Alternatively you can purchase a digital subscription to ABR with your entry for the combined price of AU$65. We will then send you your login details by email and you will be entitled to enter any additional poems at the discounted rate. We also offered combined print subscriptions and Porter entry packages. A full list of these rates appears below:
Porter Entry (Subscriber): $15
Porter Entry (Non-Subscriber)*: $25
Porter Entry + ABR digital subscription: $65
Porter Entry + ABR print subscription (within Australia): $100
Porter Entry + ABR print subscription (within New Zealand/Asia): $190
Porter Entry + ABR print subscription (ROW): $210
* Entrants who choose not to subscribe when entering the Porter Prize, and who are not already current ABR subscribers, will be provided with digital access to ABR, free of charge, for four months. Eligible entrants will be contacted when their complimentary subscription has been activated.
Can I pay with PayPal?
At this time we are accepting credit card payments ONLY – Visa and MasterCard. We regret that we cannot accept AMEX at this time.
Will I receive confirmation of payment?
Yes, once you have submitted your online entry and payment form, you will receive a confirmation email at the email address you supplied in the form. Keep a copy for your records. If you cannot find the confirmation email, be sure to check that it has not gone to your spam or junk folders.
Can I enter by post?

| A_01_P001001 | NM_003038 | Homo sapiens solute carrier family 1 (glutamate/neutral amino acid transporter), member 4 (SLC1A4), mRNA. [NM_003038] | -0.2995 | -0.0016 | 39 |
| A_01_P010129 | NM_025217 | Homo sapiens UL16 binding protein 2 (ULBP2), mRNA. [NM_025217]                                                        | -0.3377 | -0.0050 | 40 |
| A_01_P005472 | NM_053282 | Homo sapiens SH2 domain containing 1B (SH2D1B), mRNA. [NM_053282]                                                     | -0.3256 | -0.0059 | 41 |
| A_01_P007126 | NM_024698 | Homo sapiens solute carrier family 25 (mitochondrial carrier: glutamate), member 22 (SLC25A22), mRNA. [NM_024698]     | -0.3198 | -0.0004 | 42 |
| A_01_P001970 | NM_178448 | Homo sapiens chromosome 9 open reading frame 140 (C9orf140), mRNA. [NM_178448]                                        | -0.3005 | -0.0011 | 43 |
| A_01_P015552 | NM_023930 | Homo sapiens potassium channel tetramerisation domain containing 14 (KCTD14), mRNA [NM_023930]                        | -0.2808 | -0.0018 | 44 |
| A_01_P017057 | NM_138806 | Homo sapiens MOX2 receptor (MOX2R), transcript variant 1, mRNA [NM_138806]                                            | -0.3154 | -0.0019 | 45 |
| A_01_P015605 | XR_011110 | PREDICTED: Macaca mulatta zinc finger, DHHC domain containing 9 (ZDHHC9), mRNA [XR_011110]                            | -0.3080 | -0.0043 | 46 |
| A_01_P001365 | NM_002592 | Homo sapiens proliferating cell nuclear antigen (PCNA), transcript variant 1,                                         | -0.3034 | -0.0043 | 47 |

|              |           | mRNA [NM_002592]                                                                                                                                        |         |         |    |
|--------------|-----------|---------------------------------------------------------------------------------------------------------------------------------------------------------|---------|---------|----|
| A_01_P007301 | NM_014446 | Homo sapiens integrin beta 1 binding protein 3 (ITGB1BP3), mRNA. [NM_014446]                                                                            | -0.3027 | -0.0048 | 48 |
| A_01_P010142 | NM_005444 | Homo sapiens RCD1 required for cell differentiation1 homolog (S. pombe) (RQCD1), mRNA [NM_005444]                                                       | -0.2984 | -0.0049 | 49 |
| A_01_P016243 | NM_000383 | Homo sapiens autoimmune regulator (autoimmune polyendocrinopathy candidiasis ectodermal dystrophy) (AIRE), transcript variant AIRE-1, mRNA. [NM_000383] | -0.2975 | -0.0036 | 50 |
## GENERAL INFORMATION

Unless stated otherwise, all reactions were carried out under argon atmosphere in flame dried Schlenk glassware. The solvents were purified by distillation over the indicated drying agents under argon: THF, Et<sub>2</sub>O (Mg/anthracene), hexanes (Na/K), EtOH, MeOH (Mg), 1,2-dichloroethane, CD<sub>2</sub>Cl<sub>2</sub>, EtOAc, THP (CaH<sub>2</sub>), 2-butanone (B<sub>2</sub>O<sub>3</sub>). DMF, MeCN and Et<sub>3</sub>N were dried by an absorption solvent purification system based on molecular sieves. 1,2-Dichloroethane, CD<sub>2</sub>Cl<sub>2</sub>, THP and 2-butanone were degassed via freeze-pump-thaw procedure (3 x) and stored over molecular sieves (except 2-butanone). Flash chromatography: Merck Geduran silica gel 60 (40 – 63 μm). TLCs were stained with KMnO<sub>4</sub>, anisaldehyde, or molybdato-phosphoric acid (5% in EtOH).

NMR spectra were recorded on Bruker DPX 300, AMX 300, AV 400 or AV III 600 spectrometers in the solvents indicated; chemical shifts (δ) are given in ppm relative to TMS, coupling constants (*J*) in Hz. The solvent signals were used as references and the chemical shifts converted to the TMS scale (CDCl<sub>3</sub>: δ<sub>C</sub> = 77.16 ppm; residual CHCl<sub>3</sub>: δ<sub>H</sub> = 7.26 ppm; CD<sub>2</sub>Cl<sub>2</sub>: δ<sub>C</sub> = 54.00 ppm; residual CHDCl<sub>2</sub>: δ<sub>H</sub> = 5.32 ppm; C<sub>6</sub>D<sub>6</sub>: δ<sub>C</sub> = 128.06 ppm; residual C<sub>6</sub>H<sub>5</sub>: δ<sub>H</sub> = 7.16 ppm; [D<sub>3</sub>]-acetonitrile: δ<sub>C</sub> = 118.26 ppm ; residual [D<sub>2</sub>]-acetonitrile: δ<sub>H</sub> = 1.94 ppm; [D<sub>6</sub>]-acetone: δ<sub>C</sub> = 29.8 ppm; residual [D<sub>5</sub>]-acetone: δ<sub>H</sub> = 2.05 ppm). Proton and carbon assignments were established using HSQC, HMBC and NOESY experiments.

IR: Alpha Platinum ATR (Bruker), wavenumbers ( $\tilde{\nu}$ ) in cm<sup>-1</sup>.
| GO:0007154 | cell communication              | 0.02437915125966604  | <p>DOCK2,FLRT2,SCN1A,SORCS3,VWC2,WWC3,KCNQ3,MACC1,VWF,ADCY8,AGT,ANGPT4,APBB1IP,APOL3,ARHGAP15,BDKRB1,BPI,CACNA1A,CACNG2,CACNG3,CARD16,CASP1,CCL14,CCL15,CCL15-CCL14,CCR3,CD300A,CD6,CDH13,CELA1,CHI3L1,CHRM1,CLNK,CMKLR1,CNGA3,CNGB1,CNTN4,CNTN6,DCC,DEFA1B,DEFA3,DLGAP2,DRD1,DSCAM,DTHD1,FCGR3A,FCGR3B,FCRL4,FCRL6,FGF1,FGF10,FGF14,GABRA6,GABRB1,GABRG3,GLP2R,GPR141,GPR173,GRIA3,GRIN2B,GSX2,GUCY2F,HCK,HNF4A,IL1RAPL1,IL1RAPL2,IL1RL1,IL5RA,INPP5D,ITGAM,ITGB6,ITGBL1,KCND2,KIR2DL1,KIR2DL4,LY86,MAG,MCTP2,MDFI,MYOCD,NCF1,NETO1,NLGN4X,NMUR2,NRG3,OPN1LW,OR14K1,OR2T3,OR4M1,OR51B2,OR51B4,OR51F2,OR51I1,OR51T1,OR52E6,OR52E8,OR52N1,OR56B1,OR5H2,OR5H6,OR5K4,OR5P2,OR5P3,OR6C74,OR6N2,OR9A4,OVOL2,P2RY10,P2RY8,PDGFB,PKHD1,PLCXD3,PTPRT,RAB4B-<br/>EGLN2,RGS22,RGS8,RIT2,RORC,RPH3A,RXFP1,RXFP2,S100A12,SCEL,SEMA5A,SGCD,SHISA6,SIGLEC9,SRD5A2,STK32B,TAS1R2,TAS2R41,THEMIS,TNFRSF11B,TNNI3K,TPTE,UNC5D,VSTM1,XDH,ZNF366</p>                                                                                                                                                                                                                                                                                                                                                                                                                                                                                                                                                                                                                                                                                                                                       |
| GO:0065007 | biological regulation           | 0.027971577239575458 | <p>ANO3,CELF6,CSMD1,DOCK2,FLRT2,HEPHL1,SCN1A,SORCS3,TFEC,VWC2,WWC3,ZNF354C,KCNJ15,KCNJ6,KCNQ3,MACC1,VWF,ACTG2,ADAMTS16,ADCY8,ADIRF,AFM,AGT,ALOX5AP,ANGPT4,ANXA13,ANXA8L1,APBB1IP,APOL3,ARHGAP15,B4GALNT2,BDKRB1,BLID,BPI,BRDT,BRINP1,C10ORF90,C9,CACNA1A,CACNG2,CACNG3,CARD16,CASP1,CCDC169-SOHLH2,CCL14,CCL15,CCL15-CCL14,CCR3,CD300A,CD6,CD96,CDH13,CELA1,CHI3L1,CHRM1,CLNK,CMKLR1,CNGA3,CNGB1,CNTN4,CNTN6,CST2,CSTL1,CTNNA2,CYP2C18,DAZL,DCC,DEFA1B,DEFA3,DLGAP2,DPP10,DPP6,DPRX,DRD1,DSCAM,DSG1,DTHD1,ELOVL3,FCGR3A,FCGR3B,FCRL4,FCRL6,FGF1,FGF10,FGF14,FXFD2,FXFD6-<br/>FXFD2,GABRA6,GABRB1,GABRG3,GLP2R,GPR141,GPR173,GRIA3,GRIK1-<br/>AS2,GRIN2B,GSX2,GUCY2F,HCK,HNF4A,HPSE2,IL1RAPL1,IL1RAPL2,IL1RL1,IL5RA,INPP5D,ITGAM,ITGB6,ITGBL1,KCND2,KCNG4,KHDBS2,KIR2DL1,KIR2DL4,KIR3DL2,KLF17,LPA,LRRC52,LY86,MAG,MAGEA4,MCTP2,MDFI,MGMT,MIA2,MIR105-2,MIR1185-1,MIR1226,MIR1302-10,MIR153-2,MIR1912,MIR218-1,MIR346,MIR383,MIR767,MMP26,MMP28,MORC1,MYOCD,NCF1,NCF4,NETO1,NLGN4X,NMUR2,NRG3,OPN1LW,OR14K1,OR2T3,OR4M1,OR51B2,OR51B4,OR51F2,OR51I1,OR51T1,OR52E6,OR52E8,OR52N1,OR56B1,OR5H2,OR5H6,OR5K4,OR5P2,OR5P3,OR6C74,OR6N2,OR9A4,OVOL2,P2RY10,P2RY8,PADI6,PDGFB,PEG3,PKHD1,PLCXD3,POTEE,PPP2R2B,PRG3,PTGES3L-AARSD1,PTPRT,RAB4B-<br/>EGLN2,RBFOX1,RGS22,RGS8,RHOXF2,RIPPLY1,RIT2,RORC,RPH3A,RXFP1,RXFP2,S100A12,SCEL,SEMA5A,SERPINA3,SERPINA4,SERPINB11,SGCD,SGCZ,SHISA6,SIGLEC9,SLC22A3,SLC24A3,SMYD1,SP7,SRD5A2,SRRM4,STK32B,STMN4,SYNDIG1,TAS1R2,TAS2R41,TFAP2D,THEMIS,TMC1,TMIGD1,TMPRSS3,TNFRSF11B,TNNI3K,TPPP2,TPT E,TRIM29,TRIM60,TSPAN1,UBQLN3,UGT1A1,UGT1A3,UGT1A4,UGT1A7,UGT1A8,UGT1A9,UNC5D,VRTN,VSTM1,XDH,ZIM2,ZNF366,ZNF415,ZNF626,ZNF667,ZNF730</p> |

No, entries must be submitted online.
Who are the judges this year?
The 2021 judges are Lachlan Brown, John Hawke, A. Frances Johnson, and John Kinsella.
Will you give me feedback about my poem?
We don’t have the time or resources to comment on individual poems.
How should I format my poem?
Entries should be presented with 1.5 line spacing and in 12 pt font size. The pages of poems should be numbered. The author’s name must not appear on the manuscript or in the name of the digital file.
How can I stay in touch with news about the Porter Prize?
If you have provided us with a current email address we will contact you with news about the Prize. Another way to stay up to date with news about the Prize and other ABR prizes and events is to sign up to our free monthly e-News. You can also follow us on Twitter or like us on Facebook.
Where can I find the complete terms and conditions of entry?
These can be found here.
My question isn't answered here, what should I do?
If you have a question about the Porter Prize that isn't answered here, or in the entry guidelines, please contact us via the comments facility below and we will respond when we can.